From 20 to 26 of May four researchers of our group, Sohvi Kangasluoma, Elena Gorbacheva, Francesco Durante, and Stephanie Hitztaler, were in Novy Urengoy, Yamalo-Nenets Autonomous Okrug of Russia. Novy Urengoy is an industrial city located in the Russian Far North with one of the largest gas fields in the world, and is one of the towns included to the study of Wollie project. Together with the researchers of our group, Professor Florian Stammler, Principal Investigator of the project from Finnish side, and Associate Professor Aytalina Ivanova, Principal Investigator from Russian side, also traveled to Novy Urengoy to study youth welfare in the city.

Continue reading “Trip to Novy Urengoy”

Alla Bolotova’s field trip to Kovdor

From 17th of February to 2nd of March this year our postdoctoral researcher Alla Bolotova was on her second field trip within the Wollie project to Kovdor. Kovdor is a small industrial town with 16 thousand inhabitants, located in Murmansk Oblast of Russia, some 20 kilometres away to the East from the Finnish border. Previous fieldwork was conducted in an urban-type settlement Revda, which is also in Murmansk Oblast, but this trip was a special one – Alla Bolotova herself was born and grew up in Kovdor. Now, returning to the town after many years, Alla was interviewing young people aged 15-30 that are facing same dilemma that she had – stay, leave, or return to Kovdor after getting higher education elsewhere?

Education is one of the important factors determining youth’s motivation to leave the town – school graduates can only get vocational training in Kovdor with very limited choice of professions available. Most professions are men-oriented, preparing for work at the mining industry, so girls and boys with different interests are pushed to leave the town. Lack of education, relevant for modern youth, is a general problem for most northern single industry towns, and Kovdor is no exception here.

Kovdor indeed resembles many other industrial towns in the Russian North: a large carbonatite mine is located next to the town, and Kovdorians are employed at the “Kovdor’s Mining Plant” (Kovdorsky gorno-obogatitelny kombinat, or Kovdorsky GOK), currently owned by the EuroChem, a large nitrogen and phosphate fertilizer company headquartered in Zug, Switzerland. The enterprise is quite successful, but still the population of Kovdor is rapidly decreasing every year. According to Alla Bolotova, most school pupils, interviewed for the Wollie project, are eager to leave the town after finishing school. However, there are also some young people returning to the town after getting education elsewhere and starting the families: Kovdor is a rather compact safe town, with cheap apartments, while salaries in mining sector are relatively high. Also, help of grandparents and other relatives becomes quite important when young families get children.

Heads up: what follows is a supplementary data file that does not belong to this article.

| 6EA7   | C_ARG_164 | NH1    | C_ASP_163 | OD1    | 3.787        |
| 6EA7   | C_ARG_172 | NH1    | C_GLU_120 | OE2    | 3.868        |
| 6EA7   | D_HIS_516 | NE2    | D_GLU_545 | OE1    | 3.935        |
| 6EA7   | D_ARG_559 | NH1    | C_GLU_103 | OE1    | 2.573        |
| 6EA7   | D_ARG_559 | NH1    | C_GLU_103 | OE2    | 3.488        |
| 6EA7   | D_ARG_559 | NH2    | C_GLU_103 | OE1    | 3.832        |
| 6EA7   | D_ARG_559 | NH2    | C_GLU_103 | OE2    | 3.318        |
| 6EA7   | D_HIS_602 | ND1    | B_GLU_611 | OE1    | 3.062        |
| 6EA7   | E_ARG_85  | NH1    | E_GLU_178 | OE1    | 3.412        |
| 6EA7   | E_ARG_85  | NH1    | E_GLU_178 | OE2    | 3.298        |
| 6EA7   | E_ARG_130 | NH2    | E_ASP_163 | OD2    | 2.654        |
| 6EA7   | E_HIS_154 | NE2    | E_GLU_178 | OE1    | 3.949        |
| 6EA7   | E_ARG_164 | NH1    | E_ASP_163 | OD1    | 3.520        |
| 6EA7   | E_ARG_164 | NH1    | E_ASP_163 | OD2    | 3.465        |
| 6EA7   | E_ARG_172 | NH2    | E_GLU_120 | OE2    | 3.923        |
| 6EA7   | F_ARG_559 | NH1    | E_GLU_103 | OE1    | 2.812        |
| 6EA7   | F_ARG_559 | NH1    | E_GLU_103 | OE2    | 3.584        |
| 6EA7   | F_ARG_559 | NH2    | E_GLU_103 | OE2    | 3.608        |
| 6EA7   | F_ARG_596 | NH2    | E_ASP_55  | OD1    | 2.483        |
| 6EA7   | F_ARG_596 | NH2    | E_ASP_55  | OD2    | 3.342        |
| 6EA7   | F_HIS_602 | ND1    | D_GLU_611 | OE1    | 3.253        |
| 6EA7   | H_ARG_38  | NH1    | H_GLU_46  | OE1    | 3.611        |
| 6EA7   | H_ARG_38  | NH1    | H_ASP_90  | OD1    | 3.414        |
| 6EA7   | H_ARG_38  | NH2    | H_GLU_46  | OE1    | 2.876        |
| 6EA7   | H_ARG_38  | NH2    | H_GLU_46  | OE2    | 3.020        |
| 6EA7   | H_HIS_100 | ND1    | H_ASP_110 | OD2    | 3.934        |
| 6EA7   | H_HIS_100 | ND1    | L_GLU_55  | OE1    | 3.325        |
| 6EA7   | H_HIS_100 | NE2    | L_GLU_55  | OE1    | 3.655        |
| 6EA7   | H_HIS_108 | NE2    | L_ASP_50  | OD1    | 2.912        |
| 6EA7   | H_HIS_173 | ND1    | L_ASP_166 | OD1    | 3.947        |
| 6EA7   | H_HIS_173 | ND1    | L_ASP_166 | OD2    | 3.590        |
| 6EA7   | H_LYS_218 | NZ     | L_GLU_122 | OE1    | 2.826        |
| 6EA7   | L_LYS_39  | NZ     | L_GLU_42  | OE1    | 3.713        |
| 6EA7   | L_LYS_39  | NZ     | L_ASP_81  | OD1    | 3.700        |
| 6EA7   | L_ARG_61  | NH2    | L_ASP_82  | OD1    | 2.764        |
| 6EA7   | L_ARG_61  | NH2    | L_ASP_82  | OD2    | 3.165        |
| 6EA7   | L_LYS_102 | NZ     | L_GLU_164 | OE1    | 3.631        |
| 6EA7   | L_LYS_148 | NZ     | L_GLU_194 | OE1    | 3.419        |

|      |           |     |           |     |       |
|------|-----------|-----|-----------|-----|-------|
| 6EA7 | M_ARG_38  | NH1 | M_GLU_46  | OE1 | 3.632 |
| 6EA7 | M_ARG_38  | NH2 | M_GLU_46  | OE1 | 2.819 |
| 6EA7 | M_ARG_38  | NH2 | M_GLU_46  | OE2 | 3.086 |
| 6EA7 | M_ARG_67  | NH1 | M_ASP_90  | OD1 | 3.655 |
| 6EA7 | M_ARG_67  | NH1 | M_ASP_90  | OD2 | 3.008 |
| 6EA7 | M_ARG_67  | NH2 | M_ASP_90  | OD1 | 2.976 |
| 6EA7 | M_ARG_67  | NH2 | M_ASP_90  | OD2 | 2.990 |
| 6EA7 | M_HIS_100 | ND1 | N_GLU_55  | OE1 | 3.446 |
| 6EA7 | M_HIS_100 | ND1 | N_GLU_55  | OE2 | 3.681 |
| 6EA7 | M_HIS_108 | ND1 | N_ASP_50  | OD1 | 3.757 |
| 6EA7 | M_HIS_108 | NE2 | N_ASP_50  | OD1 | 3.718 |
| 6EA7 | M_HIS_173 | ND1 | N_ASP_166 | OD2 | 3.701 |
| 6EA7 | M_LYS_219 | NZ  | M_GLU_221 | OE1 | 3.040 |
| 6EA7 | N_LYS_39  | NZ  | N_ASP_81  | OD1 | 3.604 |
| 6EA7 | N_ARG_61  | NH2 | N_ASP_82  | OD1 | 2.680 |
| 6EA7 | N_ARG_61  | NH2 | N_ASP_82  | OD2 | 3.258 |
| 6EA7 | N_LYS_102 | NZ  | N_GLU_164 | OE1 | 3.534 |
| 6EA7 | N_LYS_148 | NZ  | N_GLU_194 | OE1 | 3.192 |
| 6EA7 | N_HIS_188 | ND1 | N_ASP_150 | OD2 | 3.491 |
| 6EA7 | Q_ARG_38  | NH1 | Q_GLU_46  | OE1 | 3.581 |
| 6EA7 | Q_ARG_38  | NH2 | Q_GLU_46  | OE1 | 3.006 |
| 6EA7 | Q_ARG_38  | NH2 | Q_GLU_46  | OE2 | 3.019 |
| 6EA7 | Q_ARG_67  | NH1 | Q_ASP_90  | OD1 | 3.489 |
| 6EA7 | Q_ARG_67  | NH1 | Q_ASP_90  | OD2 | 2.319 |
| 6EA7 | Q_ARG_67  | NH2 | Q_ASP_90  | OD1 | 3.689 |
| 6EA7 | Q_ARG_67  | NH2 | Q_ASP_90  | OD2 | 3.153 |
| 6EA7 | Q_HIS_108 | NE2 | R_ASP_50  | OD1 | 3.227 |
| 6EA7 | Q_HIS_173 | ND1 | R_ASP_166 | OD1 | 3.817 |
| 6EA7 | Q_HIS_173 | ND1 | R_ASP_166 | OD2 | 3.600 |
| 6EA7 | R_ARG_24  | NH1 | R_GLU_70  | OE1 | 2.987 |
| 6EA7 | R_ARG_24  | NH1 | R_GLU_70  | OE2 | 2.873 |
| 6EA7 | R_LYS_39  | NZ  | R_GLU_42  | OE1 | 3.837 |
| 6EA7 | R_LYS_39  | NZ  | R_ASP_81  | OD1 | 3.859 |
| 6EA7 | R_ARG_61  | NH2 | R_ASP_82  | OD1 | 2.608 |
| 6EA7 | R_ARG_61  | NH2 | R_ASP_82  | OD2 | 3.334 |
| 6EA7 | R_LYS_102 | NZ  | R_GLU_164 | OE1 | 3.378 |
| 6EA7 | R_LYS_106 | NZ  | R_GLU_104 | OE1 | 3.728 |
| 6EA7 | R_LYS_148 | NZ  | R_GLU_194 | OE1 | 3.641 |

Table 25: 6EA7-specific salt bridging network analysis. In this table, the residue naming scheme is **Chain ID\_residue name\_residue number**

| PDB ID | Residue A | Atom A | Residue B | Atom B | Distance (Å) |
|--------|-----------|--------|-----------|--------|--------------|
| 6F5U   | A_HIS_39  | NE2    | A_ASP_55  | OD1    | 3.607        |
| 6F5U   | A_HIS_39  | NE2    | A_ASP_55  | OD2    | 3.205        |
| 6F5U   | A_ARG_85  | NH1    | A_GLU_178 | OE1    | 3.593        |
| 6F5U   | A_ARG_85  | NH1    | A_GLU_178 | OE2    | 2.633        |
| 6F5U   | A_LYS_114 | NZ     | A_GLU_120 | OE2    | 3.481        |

But what is in Kovdor for the youth? There are several state sport clubs and schools, associations at the vocational training college and schools, various dance and other interest clubs at the local House of culture and libraries, however, many of them encounter problems trying to attract young people to their formalized activities. There is a youth club formed as a grassroots initiative called “Prityazhenie”. It appeared in 2015 as result of cooperation of several young workers wishing to create an alternative leisure place for working youth, and later got registered as an NGO. This independent youth centre organises variety of events, such as music concerts, film screenings, language clubs, meetings for playing board games, etc. The centre and its activities are funded mainly by the young working people themselves, but for several activities they also got small-scale support from the Eurochem company and from the Federal Agency for Youth Affairs. 

Alla Bolotova at the open discussion about Kovdor and its attraction for youth.

As was mentioned earlier, Kovdor is situated indeed very close to the border with Finland, but there is no border checkpoint, therefore Kovdorians have to take a long bypass route to the East to Kandalaksha and then to the South and back to the West to Allakurti and Salla border crossing point, which adds extra 300 kilometres to the ride. Many residents of Kovdor believe, that creating a new border crossing would significantly change the life in the town, releasing it from the plight of the dead-end location. At the moment Kovdor is also not so inviting for local tourism because it is one of the most distant towns from the regional center Murmansk: it takes 4 hours to drive from Murmansk to Kovdor by car, while very attractive Khibiny mountains with well developed tourist infrastructure are situated twice closer to Murmansk.

And yet, there have been positive changes in the town recently, which many Kovdorians attribute to the change of the city leader: according to their opinion, in a short period of time the new head of Kovdor district Sergei Somov succeeded to get streets regularly cleaned from snow, to renovate and decorate the parks, to make public events and celebrations more interesting. In 2019 an agreement was made to create a “Territory of advanced socio-economic development” in Kovdor. In the future that will make the town more attractive for new investors, who can get tax benefits, if they locate their business in Kovdor and provide work places for locals.